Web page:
It's not that the wife is not pretty, it is that the sentence has been constructed as a device to help us learn the word for "beautiful".
"Pretty" has it's own distinct french translation and to accept "pretty" here could - potentially - lead someone to assume that "belle" means "pretty" as well and never learn that "pretty" actually has it's own word. Then end result being a tiny, but non-negligible, limitation on one's vocabulary.
I wrote "pretty" and the app demanded that I write, "My wife is handsome". Handsome is used, by Americans at least, almost exclusively for men. A wife is usually a woman, so unless we are in the numerically less-common context of gay marriage, requiring that I translate "belle" as "handsome" is just ridiculous.
When two words in one language have the same meaning, one is not the "direct translation" to the exclusion of another. The distinction that Duolingo draws between "pretty" and "beautiful" is completely artificial. I guess you could trace both "belle" and "beautiful" to the Latin "beata," but in a Germanic language spoken about 1,500 years after Latin turned into a slew of Romance languages, I don't really think that's relevant. Really, the words are synonyms, and the biggest distinction is that one might use the longer one in order to seem smarter.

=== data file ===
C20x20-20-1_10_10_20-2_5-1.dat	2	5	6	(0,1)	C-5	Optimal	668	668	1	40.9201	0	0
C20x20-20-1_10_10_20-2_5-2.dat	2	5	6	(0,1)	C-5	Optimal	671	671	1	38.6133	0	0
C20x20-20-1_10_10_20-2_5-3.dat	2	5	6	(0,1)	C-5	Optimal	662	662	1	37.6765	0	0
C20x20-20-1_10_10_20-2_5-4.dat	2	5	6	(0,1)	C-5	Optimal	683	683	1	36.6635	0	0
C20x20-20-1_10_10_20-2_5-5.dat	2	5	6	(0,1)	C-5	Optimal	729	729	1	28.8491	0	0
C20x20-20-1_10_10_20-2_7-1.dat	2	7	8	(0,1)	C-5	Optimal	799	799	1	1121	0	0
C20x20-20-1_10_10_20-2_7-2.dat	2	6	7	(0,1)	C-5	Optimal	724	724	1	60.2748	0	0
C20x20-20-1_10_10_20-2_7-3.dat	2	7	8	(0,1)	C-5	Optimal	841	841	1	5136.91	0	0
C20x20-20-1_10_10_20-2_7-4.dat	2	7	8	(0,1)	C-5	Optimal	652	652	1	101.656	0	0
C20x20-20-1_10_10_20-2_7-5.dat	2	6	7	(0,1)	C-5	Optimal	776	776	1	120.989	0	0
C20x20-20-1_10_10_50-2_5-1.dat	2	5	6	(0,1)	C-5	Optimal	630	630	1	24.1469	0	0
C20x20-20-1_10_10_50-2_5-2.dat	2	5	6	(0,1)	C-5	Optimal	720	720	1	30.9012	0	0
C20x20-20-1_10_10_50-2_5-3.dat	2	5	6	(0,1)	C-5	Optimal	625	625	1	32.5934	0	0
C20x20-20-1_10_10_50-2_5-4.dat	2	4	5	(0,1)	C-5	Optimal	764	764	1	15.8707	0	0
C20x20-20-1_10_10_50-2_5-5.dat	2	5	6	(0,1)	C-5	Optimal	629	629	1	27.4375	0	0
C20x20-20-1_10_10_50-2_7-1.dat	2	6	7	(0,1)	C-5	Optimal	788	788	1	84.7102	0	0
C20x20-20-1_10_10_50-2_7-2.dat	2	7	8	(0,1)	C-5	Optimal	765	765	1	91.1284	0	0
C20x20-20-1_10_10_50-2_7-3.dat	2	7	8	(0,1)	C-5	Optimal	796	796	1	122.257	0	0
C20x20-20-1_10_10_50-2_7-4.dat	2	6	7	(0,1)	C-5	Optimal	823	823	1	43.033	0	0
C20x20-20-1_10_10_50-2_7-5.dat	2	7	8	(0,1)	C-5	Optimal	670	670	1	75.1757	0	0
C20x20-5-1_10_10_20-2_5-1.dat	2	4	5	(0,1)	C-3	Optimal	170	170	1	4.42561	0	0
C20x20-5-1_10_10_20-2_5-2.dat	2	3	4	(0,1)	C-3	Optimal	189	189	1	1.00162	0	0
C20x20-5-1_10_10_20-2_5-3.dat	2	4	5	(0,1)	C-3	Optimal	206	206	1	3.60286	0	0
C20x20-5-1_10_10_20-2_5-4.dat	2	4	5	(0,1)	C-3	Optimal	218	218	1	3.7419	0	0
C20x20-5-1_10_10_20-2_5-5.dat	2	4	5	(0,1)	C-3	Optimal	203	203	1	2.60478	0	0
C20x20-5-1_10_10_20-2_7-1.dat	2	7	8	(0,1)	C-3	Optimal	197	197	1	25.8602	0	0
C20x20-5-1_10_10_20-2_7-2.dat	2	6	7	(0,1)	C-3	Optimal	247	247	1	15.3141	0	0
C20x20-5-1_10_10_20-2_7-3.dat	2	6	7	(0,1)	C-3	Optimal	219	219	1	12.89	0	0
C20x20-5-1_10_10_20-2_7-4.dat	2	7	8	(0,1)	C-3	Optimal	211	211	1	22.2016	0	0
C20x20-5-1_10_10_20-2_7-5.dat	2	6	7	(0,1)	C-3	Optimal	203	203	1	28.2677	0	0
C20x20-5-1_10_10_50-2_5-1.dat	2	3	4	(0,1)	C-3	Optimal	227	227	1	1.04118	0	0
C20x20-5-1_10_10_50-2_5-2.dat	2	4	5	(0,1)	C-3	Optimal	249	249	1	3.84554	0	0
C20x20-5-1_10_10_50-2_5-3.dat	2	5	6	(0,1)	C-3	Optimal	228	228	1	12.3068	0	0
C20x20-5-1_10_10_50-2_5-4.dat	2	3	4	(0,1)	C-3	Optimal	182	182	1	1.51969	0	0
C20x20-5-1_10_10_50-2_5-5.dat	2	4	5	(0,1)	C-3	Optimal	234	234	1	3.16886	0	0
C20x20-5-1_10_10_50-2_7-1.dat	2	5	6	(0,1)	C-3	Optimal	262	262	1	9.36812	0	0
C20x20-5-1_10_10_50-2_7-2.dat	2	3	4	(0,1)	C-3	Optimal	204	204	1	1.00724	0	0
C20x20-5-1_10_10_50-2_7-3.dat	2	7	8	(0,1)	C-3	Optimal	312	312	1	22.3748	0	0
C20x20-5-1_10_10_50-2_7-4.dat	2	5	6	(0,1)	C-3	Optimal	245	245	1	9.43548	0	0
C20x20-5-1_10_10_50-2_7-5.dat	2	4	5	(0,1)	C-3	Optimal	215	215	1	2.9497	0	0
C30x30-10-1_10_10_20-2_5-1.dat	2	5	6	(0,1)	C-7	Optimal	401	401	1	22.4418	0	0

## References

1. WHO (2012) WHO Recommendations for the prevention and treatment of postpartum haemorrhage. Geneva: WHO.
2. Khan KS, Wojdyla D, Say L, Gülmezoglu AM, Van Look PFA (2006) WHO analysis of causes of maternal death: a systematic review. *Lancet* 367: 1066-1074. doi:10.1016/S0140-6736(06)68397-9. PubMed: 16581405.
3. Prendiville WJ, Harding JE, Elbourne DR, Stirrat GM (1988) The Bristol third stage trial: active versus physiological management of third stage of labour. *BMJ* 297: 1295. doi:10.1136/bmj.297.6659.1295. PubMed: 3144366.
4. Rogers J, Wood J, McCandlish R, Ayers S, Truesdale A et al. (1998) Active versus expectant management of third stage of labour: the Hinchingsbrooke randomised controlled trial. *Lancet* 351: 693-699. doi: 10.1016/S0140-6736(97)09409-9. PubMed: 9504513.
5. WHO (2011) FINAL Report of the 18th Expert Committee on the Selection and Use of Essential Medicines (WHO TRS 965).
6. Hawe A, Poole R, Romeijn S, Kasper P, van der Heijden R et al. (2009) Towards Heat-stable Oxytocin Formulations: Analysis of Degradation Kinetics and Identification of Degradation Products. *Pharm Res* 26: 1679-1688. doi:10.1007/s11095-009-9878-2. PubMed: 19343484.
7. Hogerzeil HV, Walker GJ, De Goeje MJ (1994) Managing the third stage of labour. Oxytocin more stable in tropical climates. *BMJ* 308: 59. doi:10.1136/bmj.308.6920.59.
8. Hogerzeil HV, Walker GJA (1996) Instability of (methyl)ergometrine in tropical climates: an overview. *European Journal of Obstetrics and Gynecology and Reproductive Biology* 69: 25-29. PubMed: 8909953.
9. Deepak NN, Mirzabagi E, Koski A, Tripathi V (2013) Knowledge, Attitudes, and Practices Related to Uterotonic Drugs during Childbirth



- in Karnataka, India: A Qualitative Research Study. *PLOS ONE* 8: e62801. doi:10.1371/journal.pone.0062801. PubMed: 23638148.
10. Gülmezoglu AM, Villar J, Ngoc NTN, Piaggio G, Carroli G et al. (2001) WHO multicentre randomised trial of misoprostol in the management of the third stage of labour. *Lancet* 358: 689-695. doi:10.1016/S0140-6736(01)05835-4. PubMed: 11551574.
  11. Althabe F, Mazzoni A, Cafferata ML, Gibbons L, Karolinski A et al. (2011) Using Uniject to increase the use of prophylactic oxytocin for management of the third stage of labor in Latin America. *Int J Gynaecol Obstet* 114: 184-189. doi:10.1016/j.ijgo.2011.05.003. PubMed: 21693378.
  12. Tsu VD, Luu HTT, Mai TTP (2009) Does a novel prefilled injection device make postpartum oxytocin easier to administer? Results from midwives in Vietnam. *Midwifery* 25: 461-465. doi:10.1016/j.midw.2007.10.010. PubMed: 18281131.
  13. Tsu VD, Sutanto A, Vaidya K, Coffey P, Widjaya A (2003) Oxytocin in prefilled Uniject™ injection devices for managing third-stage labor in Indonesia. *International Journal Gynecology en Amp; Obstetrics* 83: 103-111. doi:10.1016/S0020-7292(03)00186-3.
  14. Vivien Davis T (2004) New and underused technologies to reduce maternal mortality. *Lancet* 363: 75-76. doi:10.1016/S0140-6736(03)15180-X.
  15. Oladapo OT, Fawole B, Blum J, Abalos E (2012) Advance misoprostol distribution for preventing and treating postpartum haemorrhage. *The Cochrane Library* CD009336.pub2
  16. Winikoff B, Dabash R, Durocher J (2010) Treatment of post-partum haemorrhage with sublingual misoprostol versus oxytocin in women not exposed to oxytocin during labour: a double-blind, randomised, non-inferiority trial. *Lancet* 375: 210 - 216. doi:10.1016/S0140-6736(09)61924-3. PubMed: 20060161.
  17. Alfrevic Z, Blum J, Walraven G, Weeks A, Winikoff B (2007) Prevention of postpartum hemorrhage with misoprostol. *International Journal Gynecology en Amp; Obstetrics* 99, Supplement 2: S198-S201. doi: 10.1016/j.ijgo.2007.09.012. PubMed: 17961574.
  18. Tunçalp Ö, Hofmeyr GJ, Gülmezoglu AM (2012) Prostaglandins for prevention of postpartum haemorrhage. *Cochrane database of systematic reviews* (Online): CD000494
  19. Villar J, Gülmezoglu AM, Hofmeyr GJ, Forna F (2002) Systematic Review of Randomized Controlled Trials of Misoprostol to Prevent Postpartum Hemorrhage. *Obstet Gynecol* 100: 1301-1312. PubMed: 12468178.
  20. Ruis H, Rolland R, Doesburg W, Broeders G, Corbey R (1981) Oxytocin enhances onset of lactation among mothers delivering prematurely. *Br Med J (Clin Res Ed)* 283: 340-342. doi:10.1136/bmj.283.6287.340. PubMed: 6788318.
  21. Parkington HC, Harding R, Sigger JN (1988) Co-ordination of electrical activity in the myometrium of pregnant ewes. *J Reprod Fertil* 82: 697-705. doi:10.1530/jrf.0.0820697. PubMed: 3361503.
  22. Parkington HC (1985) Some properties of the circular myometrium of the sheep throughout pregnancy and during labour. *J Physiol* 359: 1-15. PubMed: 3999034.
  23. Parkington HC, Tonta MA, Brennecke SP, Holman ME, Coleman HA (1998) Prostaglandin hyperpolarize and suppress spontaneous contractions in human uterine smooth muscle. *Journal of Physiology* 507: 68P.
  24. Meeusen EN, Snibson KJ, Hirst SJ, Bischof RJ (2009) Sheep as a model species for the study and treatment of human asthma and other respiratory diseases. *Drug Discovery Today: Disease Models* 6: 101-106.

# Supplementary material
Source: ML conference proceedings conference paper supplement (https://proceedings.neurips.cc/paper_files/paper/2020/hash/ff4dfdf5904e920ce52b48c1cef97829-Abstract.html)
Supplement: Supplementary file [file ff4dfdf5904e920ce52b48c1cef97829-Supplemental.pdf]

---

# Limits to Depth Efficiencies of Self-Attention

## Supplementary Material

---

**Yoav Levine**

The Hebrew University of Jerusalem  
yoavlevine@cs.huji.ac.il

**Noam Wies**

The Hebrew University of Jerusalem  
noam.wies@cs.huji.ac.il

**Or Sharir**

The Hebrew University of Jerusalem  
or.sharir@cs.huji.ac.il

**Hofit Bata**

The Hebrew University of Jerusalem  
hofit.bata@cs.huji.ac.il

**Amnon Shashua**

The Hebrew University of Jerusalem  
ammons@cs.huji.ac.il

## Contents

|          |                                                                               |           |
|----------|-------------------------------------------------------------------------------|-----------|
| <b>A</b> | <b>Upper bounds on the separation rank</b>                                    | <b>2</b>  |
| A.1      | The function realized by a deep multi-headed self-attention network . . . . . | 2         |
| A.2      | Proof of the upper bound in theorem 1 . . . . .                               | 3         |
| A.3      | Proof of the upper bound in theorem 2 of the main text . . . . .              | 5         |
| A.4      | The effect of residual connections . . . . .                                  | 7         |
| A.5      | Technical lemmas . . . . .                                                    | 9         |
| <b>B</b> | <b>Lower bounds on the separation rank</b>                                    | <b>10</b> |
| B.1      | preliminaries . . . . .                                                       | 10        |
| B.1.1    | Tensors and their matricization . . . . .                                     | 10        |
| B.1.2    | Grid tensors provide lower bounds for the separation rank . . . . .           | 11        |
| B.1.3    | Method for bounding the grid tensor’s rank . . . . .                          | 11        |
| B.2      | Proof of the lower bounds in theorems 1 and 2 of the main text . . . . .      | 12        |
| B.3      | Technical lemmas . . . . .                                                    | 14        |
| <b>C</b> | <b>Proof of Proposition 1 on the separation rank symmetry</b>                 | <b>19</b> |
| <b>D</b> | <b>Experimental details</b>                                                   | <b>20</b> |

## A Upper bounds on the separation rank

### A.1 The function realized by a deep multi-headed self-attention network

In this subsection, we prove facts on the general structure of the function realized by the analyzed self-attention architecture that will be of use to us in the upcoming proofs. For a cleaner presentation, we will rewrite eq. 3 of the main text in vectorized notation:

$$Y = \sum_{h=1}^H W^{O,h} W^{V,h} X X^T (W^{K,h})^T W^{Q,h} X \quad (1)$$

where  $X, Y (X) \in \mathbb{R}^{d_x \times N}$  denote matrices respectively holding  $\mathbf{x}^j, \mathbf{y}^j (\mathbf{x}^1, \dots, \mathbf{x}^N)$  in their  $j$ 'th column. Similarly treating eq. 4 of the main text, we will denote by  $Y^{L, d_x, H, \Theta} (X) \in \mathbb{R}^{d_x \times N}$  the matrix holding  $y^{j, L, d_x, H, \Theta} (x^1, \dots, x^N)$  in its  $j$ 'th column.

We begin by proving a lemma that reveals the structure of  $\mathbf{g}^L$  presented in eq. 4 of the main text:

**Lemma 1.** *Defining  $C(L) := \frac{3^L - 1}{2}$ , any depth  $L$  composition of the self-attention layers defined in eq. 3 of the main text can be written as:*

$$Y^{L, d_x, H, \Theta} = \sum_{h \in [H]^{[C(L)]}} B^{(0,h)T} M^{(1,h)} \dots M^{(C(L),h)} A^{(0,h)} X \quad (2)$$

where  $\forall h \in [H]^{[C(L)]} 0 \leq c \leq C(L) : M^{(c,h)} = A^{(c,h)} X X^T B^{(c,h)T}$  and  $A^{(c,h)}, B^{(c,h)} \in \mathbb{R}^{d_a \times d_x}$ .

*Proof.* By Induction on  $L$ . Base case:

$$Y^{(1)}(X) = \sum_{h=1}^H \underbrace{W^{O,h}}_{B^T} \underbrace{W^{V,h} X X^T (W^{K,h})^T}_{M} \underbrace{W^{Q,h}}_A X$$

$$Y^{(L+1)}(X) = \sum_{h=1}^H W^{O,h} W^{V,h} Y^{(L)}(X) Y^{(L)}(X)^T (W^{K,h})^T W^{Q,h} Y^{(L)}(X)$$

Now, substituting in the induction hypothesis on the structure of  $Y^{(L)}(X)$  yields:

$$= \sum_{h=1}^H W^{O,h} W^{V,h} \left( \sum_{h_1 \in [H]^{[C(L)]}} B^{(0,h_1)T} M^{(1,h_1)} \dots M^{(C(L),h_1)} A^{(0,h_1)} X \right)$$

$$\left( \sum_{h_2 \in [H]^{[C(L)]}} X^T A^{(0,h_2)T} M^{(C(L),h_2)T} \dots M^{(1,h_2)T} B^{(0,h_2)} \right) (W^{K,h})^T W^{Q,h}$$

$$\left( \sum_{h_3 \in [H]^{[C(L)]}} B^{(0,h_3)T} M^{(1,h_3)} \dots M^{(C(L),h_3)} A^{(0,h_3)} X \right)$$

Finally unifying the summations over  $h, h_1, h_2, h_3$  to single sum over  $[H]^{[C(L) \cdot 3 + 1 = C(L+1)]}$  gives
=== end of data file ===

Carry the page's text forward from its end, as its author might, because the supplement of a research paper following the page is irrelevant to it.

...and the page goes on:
I would be very interested to see if someone like Richard Wilbur (a translator of French literature into English) considers the distinction important. I very much doubt that he would.
"Ma femme" is how it's said, not "my woman".
I know, you didn't mean it like that, but that's just the point - French and English are two different things. If we try to directly translate French into English and then pull the meaning from the result we're bound to lose something, or worse: change the perceived meaning (as seen in this example).
So instead of seeing "ma femme" as "my woman" see it instead as a French way of saying "my wife".